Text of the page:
So I lost track of the one I had as a kid--it was given away to the neighbour's kids along with the other Dinky toys, a box my Dad had made that was full of Meccano sets, and the Britains soldiers.

When I first started collecting Dinky Toys again in the 70s, I wasn't as interested in the airplanes and sold the first Vulcan I found for the grand sum of $25.00. All I knew was that it was another large Dinky airplane and that's what they sold for and I wasn't really collecting the airplanes. I still know where that one is and have many times since offered to more than double the buyer's investment!

And then I started to see the ads--usually from UK collectors offering to pay stupendous sums for a Vulcan--I still have a copy of one offering $550. In the mid 70s!

A Dinky Vulcan is always silver and carries the number 749 cast into the underside of the wing (although the model and box were re-numbered 992, I don't believe there was a second number cast.) The first real Vulcans the RAF received were in fact painted silver. This was shortly changed to white (to protect the airplane and its crew from the flash of a nuclear explosion!) When the role of the Vulcan was switched to low level flying, the paint scheme became the grey and green camouflage familiar to Dinky owners of the Hawker Hurricane, the Supermarine Swift and the Gloster Javelin. I have seen restorations of the Dinky Vulcan, including one pictured here owned by Dave Shelton, Victoria, BC in this paint scheme that are very good but NOT original.

Over the years, I have probably seen, or heard about nearly 100 survivors of the Dinky Vulcans. Not all of them were in good condition. As I mentioned earlier, the landing gear is fragile, the wing tips break easily, the identification roundels wear off (no reproduction that I know of yet) and the paint itself wears. It is very difficult to reproduce the colour and sheen of an original.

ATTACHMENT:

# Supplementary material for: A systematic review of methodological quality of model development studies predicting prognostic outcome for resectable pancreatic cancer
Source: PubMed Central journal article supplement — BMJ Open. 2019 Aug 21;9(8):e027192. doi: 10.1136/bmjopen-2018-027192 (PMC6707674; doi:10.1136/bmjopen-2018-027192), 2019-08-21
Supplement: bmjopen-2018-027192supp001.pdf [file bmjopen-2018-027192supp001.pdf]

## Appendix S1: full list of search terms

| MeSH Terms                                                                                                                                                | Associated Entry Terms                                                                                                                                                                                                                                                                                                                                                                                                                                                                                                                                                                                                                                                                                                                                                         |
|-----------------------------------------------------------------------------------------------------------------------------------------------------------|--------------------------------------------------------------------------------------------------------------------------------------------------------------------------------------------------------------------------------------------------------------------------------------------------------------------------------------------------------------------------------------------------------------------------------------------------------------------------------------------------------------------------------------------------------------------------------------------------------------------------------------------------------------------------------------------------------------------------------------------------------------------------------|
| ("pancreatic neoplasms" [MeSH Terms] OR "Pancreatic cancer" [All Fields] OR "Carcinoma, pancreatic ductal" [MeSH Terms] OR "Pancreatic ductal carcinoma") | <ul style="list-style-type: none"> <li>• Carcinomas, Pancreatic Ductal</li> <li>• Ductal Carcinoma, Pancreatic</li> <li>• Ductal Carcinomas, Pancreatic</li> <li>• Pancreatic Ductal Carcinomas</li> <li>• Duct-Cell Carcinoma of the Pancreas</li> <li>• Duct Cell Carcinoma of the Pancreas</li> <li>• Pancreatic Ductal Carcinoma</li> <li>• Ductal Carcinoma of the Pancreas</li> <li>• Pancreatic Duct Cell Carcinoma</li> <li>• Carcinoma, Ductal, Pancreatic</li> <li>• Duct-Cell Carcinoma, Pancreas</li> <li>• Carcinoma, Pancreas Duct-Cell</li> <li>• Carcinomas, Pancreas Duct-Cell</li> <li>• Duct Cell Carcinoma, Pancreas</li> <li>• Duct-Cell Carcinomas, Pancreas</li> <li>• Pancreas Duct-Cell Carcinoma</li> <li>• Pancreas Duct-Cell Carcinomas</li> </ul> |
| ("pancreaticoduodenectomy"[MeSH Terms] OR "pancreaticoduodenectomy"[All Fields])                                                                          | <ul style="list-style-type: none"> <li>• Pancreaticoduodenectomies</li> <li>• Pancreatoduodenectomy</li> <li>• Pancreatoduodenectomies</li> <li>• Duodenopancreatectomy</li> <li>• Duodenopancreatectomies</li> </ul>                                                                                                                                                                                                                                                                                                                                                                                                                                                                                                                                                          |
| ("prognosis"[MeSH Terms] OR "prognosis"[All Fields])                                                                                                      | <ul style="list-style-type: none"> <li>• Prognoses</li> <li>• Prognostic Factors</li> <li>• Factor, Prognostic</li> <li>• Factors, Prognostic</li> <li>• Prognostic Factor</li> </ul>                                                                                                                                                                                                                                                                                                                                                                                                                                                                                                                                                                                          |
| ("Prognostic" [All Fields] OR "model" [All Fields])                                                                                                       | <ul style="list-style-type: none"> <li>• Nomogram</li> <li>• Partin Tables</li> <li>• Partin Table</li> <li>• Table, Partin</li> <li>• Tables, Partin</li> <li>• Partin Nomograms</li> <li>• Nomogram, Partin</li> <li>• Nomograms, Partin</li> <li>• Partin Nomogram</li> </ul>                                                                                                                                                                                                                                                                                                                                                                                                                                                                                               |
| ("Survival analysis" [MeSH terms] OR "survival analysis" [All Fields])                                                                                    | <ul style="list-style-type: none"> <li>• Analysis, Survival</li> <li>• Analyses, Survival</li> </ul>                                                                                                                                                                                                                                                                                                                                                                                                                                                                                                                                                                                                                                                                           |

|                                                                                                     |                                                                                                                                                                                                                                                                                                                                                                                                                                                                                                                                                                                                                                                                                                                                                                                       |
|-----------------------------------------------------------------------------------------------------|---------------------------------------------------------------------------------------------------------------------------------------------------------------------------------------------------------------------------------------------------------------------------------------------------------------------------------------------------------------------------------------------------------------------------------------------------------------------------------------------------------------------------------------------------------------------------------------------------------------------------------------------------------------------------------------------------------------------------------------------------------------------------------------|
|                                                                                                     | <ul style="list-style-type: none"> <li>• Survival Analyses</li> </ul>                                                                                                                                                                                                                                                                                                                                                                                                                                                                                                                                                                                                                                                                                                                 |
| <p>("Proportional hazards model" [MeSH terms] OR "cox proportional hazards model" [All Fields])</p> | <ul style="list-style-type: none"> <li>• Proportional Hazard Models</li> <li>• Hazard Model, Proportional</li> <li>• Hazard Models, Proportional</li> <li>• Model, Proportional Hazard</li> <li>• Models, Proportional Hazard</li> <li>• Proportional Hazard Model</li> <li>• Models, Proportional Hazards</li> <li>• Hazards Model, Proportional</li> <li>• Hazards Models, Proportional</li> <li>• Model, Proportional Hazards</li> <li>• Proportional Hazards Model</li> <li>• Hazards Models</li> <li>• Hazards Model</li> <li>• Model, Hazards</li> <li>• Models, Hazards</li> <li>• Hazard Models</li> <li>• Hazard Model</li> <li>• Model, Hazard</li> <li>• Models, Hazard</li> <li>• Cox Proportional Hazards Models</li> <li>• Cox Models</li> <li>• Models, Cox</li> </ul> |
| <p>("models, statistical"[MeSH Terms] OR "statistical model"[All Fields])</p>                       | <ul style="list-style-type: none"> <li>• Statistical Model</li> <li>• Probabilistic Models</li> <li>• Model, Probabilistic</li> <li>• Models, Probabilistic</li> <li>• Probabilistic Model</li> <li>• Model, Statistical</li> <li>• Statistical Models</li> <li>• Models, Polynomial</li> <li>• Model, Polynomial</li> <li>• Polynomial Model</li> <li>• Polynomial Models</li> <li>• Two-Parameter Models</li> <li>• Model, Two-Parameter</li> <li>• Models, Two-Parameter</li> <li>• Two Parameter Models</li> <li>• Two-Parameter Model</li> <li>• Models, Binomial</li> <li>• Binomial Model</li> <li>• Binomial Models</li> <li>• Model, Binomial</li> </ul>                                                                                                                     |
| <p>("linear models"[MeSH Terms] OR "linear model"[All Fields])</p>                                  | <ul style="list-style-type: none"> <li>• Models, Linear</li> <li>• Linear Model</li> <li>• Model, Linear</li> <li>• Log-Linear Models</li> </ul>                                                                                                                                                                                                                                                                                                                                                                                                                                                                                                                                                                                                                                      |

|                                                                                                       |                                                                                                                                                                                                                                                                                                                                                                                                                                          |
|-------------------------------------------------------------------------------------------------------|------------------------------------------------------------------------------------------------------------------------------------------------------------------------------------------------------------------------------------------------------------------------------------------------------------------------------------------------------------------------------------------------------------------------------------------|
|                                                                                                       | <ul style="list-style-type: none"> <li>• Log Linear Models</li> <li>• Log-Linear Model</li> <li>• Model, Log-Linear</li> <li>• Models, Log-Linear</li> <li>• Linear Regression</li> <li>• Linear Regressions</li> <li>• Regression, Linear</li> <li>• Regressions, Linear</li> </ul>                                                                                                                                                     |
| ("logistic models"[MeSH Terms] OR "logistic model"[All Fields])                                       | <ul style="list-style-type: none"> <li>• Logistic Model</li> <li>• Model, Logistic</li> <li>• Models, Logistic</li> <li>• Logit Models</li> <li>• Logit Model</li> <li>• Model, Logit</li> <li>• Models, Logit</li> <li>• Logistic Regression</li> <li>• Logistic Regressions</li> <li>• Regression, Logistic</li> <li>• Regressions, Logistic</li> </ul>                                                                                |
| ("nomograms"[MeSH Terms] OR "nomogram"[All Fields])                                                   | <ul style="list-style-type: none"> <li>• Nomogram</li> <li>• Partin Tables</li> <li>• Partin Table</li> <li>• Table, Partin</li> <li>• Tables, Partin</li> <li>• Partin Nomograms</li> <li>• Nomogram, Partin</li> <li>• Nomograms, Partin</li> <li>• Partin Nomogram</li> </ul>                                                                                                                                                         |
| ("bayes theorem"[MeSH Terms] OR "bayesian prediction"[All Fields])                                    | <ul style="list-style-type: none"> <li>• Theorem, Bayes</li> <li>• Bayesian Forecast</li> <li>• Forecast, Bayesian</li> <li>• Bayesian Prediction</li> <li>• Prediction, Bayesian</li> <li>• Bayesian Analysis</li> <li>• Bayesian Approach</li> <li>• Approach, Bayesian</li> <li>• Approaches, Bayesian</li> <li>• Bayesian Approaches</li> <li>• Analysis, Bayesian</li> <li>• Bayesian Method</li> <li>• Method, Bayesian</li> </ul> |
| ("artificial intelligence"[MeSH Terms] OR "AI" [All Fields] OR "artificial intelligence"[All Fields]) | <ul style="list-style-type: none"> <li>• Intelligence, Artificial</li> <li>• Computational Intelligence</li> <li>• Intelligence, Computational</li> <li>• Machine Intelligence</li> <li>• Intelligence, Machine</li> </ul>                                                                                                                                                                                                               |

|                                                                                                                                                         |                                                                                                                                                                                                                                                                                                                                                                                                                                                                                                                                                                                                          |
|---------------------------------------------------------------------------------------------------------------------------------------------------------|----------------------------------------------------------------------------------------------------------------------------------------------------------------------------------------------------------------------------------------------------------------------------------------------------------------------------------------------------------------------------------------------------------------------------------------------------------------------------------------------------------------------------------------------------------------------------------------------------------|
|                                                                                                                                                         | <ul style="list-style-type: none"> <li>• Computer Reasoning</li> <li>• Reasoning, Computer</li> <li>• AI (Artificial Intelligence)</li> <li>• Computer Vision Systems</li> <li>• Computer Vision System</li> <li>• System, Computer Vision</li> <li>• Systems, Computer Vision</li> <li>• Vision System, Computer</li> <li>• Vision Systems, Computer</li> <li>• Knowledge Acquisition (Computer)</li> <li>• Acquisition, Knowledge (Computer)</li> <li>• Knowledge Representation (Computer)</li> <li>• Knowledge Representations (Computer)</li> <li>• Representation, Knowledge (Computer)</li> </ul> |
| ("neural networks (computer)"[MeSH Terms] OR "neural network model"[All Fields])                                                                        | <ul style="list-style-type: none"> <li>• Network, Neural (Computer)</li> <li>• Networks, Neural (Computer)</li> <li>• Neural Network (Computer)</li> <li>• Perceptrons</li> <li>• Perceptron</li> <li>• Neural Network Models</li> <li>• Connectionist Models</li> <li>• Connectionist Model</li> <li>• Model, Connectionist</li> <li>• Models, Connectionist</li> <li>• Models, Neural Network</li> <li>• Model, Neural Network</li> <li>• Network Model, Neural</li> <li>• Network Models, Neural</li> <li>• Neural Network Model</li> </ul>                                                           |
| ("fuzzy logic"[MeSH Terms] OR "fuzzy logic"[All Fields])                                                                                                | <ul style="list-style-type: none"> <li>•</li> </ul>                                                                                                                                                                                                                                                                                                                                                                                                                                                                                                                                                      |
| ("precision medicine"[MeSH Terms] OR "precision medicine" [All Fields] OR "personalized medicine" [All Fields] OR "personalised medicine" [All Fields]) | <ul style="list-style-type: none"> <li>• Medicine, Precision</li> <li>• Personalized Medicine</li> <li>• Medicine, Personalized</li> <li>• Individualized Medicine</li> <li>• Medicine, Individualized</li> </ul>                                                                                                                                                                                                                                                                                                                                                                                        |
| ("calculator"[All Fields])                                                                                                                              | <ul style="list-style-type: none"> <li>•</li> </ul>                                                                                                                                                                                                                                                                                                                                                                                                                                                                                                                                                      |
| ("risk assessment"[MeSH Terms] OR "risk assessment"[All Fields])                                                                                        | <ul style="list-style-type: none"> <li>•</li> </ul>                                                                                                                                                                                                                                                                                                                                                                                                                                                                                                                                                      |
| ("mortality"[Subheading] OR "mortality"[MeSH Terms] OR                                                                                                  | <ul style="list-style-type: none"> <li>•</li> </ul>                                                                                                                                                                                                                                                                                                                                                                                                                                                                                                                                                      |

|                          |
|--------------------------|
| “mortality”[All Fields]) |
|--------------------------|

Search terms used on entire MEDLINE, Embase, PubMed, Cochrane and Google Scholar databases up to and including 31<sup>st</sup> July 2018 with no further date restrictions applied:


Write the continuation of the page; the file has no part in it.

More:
I imagine that most owners or their parents hesitated when it came to disposing of this fairly sizeable toy. A few have been discovered in the unlikeliest of places. One turned up in a junk bin at a toy show in Vancouver and changed hands for $3.00. Another turned up, a nugget of gold buried in a box of toys, in a chest of drawers, in a basement of furniture given to a house clearer by the owners anxious to just sell the house. I made the house clearer's day with that deal. I've missed a few--the missing toy in a box that was supposed to be sent to me from Winnipeg, a couple or 3 that were just out of reach price-wise, a few tantalizingly close in shoulder bags being offered around toy shows.

And then one day, my own Vulcan came out of the woodwork.

A vaguely familiar face inquiring about the price of a Dinky Vulcan brother Michael had for sale. Turns out the inquirer actually has a Vulcan he wishes to sell. The pieces fall into place. It's the Vulcan that had been given away to the neighbour so long ago now available again but at a price. Of course we paid it.

It's not often that you actually get to re-acquire the very toys you had as a child. Every collector tells you it's part of the lure and everyone chases the dream but this was the real thing.

Another good part--along with a few of the old Dinky toys, I reacquired some of my original Britains lead soldiers ( I knew which sets were in the box before it was opened ) and the plywood box full of Meccano.

My Dad, like many 1950s Dads made everything out of plywood--it was the miracle do-it-yourself material of the 1950s. Just look at any pile of Mechanics Illustrated magazines from the era to find plans for everything from sailboats to wristwatches all made out of plywood--the all-Canadian material before duct tape. Unfortunately, in this case, that meant that the original Meccano boxes were discarded but the unpainted plywood box was exactly as I remembered it. The bad part, my brother ended up with the Vulcan.

Patrick Flynn, the author, has written about, displayed, collected, restored and traded vintage toys for longer than he cares to remember. If you have just found some toys, if you just realized that you still have some of your toys (in this case the older you are the better!) and especially if you feel ready to part with some toys, please contact him at